The following information is for 2023. It is for educational purposes. This post includes content assisted by AI.
As the US prepares for the end of Title 42, a policy linked to the COVID-19 pandemic allowing the quick expulsion of many migrants, the US-Mexico border is experiencing a significant surge in migrants, mainly from Venezuela. This surge comes amid concerns that the end of immigration limits under Title 42 might result in even more migrants trying to cross the southern border.
Homeland Security Secretary Alejandro Mayorkas acknowledged the "extremely challenging" situation at the border during a visit to southern Texas. He mentioned that the US is working with Mexico to address the recent Venezuelan migrant surge and anticipates change "very shortly."
Many migrants are crossing the border through Brownsville, Texas, just north of the Mexican border town of Matamoros. Tragically, a recent incident occurred when an SUV plowed into people waiting at a bus stop across from the city's migrant shelter, resulting in the death of eight people, mostly Venezuelan men.
The Biden administration has been preparing for over a year for the end of Title 42, with a strategy focusing on providing more legal pathways for migrants to reach the US without risking the dangerous journey to the border. This includes setting up centers in foreign countries where migrants can apply to emigrate and a humanitarian parole process with 30,000 slots a month for people from four countries. Starting May 12, appointments will be expanded through the CBP One app.
The strategy also emphasizes consequences, such as proposing a rule that severely limits asylum for migrants who first travel through another country, quickly screening migrants at the border and deporting those deemed unqualified, and a five-year ban on reentry for those deported. However, these consequences have been met with criticism from immigrants' rights groups, and some of the Biden administration's strategy faces legal challenges.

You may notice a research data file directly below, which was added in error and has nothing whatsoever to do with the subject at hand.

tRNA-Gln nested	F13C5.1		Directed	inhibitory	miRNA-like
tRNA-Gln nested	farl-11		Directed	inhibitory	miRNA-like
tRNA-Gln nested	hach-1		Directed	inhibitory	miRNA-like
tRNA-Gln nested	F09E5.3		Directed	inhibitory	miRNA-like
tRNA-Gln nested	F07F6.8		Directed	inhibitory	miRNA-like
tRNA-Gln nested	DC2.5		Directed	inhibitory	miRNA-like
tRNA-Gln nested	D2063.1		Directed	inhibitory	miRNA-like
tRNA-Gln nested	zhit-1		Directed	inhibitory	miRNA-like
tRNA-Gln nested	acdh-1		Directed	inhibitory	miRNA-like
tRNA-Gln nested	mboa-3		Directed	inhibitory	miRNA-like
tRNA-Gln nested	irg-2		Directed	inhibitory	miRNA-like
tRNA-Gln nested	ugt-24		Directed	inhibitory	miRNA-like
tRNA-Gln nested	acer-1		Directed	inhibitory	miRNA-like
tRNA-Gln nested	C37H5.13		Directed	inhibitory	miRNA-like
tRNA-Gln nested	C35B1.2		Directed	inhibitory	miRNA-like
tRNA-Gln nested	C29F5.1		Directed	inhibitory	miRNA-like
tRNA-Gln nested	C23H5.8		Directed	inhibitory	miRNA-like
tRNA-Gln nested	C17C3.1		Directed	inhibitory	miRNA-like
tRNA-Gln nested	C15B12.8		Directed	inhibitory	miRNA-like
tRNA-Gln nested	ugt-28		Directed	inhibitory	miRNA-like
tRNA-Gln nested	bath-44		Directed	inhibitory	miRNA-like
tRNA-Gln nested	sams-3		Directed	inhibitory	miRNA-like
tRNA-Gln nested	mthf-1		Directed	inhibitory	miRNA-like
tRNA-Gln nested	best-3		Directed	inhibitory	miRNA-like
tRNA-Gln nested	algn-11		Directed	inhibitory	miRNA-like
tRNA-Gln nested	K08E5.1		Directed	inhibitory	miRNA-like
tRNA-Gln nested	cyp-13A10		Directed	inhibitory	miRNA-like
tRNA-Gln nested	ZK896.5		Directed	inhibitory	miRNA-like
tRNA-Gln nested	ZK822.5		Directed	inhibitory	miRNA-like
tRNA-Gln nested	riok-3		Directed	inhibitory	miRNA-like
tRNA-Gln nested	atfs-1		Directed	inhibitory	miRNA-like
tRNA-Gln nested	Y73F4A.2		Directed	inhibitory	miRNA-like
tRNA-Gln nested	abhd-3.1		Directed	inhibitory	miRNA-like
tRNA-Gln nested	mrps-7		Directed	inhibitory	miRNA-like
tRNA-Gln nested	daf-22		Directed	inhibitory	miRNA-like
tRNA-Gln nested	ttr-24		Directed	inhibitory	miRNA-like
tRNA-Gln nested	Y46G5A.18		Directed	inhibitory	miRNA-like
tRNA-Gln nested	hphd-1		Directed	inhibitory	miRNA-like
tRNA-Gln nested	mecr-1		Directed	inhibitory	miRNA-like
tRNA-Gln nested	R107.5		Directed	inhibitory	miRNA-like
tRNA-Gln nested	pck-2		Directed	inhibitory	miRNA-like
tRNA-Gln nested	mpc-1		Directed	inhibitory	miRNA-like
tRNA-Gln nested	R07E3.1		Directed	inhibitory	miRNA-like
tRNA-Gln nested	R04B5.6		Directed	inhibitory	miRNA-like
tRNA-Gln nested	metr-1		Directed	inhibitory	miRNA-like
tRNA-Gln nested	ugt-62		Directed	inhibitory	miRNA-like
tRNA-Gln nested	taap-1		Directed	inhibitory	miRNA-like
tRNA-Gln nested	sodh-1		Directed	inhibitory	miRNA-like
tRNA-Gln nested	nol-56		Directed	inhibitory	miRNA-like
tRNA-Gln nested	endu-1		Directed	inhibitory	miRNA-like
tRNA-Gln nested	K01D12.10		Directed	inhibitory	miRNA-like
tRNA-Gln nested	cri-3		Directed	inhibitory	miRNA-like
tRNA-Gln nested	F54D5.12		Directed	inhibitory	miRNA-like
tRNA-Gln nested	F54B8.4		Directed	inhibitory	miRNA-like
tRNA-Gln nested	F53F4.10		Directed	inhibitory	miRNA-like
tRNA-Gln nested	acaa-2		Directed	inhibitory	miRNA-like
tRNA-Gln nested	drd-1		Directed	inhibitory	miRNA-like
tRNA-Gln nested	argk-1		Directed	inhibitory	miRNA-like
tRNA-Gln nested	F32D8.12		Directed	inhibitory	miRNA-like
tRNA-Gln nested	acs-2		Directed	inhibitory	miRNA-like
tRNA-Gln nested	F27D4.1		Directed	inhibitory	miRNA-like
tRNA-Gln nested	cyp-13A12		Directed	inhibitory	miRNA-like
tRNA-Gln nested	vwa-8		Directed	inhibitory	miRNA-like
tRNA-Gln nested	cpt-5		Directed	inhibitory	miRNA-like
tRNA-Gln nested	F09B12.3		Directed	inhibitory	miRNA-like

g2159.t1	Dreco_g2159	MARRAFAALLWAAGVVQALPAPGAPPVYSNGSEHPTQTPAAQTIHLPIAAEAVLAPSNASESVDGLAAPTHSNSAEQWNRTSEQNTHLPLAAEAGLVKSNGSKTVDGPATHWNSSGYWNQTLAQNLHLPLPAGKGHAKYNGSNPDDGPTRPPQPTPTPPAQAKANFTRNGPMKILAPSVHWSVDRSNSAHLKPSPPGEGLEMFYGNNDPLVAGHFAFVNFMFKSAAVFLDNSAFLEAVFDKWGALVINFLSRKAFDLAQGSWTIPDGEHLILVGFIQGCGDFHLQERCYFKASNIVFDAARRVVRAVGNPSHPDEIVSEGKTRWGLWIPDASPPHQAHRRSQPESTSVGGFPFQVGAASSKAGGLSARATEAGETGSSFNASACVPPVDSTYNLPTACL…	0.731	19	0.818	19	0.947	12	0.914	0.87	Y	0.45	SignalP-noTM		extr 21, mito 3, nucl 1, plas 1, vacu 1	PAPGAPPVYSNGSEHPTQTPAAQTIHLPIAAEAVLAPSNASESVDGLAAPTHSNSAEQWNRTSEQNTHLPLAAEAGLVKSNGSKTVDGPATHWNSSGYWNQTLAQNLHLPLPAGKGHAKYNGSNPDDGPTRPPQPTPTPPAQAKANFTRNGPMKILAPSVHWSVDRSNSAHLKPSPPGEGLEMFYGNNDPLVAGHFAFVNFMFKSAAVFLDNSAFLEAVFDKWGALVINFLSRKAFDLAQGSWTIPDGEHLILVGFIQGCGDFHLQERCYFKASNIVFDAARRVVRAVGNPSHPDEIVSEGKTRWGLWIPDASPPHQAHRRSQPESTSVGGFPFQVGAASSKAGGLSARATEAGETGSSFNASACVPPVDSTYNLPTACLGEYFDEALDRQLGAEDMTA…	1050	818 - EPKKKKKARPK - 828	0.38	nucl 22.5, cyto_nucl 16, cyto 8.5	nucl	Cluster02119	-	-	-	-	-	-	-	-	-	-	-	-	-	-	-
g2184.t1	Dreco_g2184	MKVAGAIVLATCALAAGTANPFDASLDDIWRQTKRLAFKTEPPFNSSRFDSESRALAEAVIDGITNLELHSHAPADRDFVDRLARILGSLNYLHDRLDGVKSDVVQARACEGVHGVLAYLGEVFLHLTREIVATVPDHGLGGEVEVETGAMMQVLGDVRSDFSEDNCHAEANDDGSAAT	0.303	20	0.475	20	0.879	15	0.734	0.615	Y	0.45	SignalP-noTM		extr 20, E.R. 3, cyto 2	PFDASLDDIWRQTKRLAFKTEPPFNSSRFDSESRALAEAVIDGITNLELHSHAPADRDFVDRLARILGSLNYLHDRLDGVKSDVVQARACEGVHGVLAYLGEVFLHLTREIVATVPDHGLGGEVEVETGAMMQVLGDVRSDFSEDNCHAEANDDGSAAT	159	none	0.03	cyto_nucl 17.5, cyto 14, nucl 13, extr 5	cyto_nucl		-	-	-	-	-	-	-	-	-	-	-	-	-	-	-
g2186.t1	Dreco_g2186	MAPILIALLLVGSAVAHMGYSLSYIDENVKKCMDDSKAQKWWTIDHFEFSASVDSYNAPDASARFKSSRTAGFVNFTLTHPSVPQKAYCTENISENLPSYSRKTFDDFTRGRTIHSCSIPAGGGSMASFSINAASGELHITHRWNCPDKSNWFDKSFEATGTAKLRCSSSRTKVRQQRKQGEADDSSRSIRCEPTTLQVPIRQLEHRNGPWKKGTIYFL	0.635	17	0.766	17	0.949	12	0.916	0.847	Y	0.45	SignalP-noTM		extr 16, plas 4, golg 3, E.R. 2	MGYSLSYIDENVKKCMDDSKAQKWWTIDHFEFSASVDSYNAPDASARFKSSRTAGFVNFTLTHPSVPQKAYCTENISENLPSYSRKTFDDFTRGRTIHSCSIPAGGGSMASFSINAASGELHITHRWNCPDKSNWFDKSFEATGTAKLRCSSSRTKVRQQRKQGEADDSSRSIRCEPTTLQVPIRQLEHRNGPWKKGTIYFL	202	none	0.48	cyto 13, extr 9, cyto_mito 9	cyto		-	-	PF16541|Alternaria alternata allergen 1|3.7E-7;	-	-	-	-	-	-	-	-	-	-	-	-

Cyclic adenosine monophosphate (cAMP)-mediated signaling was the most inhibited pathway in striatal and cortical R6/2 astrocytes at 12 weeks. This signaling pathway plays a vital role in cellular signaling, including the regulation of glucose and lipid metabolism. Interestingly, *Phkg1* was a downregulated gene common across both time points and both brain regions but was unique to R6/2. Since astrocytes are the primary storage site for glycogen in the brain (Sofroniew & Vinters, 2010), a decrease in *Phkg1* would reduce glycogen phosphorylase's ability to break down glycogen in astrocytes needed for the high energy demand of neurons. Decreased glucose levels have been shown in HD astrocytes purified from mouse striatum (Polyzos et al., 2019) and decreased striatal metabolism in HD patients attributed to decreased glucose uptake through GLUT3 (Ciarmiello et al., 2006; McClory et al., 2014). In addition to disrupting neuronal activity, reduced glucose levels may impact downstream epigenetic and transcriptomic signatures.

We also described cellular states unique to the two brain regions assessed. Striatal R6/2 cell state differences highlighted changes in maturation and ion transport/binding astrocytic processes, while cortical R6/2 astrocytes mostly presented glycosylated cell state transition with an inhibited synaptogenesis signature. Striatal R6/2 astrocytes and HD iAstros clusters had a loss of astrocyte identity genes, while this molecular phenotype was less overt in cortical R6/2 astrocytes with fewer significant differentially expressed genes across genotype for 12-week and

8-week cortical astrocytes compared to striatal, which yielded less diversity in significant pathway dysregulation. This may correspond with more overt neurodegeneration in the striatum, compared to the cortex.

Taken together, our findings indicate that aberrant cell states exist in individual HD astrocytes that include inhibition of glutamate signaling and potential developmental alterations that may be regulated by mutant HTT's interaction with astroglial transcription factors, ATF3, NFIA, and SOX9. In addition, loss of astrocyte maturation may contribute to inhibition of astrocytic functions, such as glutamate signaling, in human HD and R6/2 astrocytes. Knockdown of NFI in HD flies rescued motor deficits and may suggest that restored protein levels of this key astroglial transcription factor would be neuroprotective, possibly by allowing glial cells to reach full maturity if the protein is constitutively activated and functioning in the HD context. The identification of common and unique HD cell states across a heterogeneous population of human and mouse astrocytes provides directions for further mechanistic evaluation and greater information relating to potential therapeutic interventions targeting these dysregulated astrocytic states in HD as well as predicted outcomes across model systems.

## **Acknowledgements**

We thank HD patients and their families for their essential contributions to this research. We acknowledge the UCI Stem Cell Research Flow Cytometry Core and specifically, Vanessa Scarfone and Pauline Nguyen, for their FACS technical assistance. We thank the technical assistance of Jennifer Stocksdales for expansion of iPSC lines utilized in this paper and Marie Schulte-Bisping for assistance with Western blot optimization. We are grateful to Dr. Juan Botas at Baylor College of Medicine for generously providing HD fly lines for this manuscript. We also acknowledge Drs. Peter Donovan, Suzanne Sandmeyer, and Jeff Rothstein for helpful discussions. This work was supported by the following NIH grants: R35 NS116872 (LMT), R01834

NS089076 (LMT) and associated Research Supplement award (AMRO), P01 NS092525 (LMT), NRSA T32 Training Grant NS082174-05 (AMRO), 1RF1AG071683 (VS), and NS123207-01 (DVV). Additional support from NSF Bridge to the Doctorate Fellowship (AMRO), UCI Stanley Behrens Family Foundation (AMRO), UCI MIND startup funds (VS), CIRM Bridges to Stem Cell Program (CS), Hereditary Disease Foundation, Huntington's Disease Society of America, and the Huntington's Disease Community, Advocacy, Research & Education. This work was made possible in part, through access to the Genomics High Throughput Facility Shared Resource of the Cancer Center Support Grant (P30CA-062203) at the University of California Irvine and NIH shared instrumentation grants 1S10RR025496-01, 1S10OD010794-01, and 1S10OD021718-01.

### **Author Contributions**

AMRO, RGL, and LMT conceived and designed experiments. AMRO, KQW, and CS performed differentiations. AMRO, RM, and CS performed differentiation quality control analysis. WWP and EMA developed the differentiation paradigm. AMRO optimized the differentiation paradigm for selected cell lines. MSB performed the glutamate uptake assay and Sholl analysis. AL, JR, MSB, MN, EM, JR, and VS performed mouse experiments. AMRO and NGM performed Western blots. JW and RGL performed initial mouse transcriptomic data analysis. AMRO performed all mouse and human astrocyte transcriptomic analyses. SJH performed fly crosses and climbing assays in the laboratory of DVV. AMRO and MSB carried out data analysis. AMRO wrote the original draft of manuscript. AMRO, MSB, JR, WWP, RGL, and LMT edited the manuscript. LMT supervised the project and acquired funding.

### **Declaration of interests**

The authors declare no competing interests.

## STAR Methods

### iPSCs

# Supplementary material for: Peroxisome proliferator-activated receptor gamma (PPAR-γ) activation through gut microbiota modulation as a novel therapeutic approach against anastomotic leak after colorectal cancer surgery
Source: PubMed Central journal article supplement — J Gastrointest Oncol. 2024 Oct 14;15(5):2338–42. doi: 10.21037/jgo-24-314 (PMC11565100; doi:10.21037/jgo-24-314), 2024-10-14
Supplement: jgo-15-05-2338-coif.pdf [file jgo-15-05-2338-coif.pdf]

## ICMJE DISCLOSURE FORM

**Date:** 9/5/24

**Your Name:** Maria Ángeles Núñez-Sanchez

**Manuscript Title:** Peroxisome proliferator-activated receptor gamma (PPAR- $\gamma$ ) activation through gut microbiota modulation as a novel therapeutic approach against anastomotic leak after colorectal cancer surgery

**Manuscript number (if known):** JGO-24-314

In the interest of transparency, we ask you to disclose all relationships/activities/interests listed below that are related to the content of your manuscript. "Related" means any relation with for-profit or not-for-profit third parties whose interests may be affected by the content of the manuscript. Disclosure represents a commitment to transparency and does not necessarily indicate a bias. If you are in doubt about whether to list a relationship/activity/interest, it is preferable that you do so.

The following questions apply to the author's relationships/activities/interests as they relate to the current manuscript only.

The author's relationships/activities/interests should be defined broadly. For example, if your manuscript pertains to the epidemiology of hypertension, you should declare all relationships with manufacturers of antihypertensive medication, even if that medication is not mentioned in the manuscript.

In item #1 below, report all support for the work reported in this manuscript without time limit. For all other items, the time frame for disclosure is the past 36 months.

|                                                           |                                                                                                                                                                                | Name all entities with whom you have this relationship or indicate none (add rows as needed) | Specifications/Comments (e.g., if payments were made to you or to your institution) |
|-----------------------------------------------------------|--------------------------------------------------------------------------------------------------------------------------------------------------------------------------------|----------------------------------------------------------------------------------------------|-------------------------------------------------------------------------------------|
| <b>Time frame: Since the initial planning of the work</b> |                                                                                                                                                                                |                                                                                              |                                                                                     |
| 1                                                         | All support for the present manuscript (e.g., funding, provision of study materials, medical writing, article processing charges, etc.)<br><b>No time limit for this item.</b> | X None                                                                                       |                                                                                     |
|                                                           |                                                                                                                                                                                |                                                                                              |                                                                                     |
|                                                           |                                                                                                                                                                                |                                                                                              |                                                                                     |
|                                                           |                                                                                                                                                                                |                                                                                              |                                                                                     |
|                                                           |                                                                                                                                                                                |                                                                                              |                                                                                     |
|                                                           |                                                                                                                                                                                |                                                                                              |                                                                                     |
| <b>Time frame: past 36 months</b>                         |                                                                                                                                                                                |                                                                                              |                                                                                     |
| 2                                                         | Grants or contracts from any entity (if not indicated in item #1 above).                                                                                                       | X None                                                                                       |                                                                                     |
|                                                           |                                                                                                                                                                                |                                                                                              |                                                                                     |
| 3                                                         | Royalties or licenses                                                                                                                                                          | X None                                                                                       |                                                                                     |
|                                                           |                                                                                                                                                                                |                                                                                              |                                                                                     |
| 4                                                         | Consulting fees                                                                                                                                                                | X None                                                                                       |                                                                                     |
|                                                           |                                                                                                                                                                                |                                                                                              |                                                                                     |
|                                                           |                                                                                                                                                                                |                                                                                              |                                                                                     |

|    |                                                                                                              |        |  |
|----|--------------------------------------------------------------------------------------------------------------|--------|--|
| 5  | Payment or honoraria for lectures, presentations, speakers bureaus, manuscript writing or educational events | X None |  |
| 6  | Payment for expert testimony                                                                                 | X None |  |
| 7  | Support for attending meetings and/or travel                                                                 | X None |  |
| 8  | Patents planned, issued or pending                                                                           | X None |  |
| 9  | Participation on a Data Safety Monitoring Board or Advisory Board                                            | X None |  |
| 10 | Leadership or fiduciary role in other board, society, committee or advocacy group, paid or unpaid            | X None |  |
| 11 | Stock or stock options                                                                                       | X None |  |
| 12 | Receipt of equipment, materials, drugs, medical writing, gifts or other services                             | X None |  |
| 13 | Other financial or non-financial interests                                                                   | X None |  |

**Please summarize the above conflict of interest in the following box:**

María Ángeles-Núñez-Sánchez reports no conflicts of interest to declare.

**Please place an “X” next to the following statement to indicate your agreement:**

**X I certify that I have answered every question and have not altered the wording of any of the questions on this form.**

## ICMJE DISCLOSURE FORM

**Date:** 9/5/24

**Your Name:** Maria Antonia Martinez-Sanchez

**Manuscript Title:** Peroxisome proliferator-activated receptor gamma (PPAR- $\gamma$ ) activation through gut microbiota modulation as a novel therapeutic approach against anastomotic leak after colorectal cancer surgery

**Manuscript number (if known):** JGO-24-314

As the end of Title 42 approaches, communities near the border and groups that care for newly arrived migrants are anxious about the potential consequences. Sister Norma Pimentel, who runs Catholic Charities' Humanitarian Respite Center in South Texas, highlighted the difficulties that the latest surge of Venezuelans without connections in the US brings.
Despite the administration's repeated message to schedule appointments through CBP One, many migrants continue to flock to the border under false assumptions that it will be easier to gain entry when Title 42 is lifted, possibly leading to tougher consequences for some.
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